Hacking the system: Martin on North Korea, Brexit and freezing the assets of oligarchs

WHERE ARE OUR BIGGEST GAPS IN CYBERSECURITY? I never lost any sleep over the big nation-state attacks because you have to accept that there are going to be attacks and our job is to repel them as best as we can. The things I always worried most about was ransomware in small but important organisations, such as health boards or local authorities. There are too many organisations that do important things like provide vital public services that are too susceptible to being extorted by criminal gangs. If they lose access to their networks, then there’s big trouble.

IS A LACK OF SKILLS HOLDING US BACK? I’m not what I would call a Cassandra on skills. It’s very easy and it can be a bit of a cop out to say there aren’t enough skills to do this. I was genuinely at the start of NCSC advised that it was too ambitious because there weren’t enough skills but if I’d listened to that we wouldn’t have it at all.

sudden unplanned change in business processes, but it was handled well,” he says.

As for how we build public trust in technology for the future, Martin believes with new tech- nologies such as AI and automa- tion, we have an opportunity to improve internet security, by design. “Te technology we use now

was mostly designed without security in mind,” he says. “Tat’s no one’s fault, it’s just the way it happened. We ended up with a set of services where people got free access to web services for the price of their personal data. Tat wasn’t great for security. Now, if govern- ment and industry work together properly, we can bake in security and resilience into the new tech- nologies. Tat’s the great security opportunity of the 2020s.” l

HOW CAN YOU TELL THE DIFFERENCE BETWEEN CRIMINAL GANGS AND HOSTILE NATION CYBER ATTACKS? Well, it’s never perfect and Wannacry was an interesting case in 2017 when it looked like criminals doing ransomware, but it turned out to be North Korea. But there are several indicators, and you can reach conclusions a lot of the time. GCHQ teams and indeed still serving individuals have been tracking the same Russian group for over 20 years. They leave digital footprints and they code in a certain way using the same words in Russian or broken English and you can see that it’s them again with a reasonable degree of confidence. There are also situational indicators; I’m not being nice to the Russians, but the Russians

don’t tend to steal personal data of random citizens.

HOW CAPABLE AS A CYBER NATION IS THE UK? The UK has a defensive way of thinking. We’re ranked number one in the world by the ITU [International Telecommunication Union] for cyber defences so there’s an element that we’re harder to attack than other nations. You then get into offensive cyber capabilities and I don’t really know where the UK ranks in that. We act with restraint and to legal and ethical standards that others don’t, so it’s a very hard thing to evaluate.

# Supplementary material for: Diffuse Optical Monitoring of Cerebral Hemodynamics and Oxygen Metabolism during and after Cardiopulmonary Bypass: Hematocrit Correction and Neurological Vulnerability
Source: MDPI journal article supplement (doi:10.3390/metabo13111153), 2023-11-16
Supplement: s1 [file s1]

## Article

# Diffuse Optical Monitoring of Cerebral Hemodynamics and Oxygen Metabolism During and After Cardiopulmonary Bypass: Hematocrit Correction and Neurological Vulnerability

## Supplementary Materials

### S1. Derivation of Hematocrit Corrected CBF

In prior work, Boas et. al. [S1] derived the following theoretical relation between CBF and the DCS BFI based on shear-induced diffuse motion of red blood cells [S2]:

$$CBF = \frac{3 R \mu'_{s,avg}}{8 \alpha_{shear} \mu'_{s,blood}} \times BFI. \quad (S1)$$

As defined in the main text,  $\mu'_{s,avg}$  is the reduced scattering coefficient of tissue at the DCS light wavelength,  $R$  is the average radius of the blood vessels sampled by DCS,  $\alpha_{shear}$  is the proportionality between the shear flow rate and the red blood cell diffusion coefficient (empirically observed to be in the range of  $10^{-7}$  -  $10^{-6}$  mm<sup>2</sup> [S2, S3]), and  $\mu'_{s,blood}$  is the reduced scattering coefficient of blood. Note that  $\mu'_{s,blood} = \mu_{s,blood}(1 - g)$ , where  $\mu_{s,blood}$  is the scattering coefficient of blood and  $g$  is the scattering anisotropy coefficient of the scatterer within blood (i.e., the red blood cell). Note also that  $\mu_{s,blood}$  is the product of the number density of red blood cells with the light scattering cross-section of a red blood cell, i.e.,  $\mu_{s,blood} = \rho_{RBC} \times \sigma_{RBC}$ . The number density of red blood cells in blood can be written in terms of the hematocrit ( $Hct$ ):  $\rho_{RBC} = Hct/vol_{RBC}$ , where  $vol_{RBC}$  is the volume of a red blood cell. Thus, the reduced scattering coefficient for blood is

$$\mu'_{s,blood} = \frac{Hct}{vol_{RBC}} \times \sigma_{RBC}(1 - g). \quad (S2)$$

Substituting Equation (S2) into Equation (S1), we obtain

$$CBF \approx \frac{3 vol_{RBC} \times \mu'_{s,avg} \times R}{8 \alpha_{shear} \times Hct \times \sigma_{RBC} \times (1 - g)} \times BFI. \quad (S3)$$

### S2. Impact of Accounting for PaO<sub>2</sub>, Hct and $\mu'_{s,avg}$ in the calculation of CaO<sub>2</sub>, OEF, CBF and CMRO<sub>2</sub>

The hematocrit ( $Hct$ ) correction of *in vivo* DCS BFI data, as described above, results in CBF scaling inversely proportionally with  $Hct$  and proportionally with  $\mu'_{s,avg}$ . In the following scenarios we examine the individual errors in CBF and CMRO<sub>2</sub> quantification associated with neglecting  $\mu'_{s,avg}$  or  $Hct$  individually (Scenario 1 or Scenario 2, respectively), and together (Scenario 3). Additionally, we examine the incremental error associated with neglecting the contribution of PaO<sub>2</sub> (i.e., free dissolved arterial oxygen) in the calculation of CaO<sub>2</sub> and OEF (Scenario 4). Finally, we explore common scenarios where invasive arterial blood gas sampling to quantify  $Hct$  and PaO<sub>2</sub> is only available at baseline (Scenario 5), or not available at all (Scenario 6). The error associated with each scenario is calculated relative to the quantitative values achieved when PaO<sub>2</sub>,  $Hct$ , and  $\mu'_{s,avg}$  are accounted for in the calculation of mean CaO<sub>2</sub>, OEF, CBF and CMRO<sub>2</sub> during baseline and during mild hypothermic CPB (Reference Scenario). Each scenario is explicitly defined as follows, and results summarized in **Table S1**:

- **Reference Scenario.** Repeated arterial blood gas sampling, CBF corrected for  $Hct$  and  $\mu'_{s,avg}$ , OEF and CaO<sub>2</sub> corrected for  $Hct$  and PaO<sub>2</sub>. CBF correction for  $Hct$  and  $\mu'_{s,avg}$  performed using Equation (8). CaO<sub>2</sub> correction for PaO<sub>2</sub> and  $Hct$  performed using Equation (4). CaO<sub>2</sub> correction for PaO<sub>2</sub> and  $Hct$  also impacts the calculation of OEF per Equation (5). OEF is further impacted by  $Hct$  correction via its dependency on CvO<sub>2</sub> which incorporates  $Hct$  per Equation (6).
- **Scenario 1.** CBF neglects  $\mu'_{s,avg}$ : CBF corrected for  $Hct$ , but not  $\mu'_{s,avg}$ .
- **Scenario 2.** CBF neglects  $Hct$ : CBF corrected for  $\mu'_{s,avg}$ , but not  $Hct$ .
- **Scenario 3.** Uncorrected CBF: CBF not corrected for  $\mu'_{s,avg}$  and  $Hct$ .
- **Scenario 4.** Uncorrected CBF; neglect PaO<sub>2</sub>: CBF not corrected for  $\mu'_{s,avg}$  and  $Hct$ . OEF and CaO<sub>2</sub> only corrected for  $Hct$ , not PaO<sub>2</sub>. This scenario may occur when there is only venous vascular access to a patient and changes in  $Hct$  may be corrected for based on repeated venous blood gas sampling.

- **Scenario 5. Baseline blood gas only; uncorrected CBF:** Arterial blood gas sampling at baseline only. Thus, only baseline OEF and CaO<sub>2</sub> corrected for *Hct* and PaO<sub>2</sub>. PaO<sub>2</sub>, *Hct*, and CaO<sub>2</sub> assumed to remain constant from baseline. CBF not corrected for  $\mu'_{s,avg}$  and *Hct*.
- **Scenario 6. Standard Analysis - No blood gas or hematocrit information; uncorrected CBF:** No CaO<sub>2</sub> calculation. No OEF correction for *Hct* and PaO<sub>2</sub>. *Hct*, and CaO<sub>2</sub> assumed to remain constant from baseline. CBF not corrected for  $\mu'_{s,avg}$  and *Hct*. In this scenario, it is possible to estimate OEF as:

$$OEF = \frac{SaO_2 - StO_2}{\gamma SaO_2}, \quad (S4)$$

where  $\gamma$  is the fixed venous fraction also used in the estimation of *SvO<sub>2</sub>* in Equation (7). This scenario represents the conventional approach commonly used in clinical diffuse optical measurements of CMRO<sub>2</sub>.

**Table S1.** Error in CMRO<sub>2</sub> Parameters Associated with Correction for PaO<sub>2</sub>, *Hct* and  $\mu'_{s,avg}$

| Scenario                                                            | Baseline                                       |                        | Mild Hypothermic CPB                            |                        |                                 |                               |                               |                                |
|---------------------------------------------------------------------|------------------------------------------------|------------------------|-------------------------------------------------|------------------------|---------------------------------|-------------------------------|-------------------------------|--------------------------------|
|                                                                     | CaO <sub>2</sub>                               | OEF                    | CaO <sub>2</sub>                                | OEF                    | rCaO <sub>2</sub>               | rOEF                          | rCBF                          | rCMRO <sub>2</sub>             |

WHAT ABOUT BREXIT? I am not sure that Brexit – important as it is for a whole bunch of things – makes a huge deal of difference here. When I was in office at the NCSC, international relationships were incredibly important but membership of the EU in and of itself made relatively little difference one way or the other. Except in the field of data regulation, the continent of Europe is not a tech superpower. To remedy the current problems, we need broad alliances of likeminded countries going beyond Europe and beyond the Five Eyes [the intelligence alliance comprising Australia, Canada, New Zealand, the UK and the US].

TALKING OF TECH SUPERPOWERS – SHOULD WE WORRY ABOUT THE US AND CHINA? This is the great challenge of our age. The whole continent of Europe is in a real bind over the lack of its own technological base. It’s a real vulnerability. But it’s way more complicated than just saying we’re not doing enough to support innovation. We in the West face a competitor capable of planning over decades,

with a single, unified market of 1.5 billion, and an ambition to dominate technology. Competing with that is hard across a bunch of disparate democracies. But that’s what we’re going to have to do.

CARE FOR A RE-RUN OF THE EDINBURGH AGREEMENT? We will see, but I’m happily at the university now. Looking back, it was a very different engagement with Scotland and the Scottish Government but fascinating and, you know, I’m not commenting on the politics, but various participants emerged with credit from the process of dealing with such a highly contentious issue in such a constructive way. And whatever else was happening, the referendum itself was a process which, it seems to me, the Scottish people had confidence in.

WORKING FOR THE SBRC The work that the SBRC does is unique; the collaboration and connection it has with its partners has helped to cement its position as one of the foremost business resilience organisations in Europe. I look forward to working with Jude [McCorry, SBRC chief executive] and the team to support their vision and further enhance the organisation’s cyber security expertise.

BACK TO THE RUSSIANS Cyber is not a boxing ring where you’re only allowed to punch in a certain way. You can use the full tools of statecraft. If you take Russia, some things that work with other countries don’t work with Russia. So, attribution, calling them out diplomatically, Russians don’t care about that. Whereas actually freezing the assets of Russian oligarchs – for example some of the work that the National Crime Agency are doing – that does annoy them and have an impact.

FUTURESCOT | WINTER 2020/21 | 41

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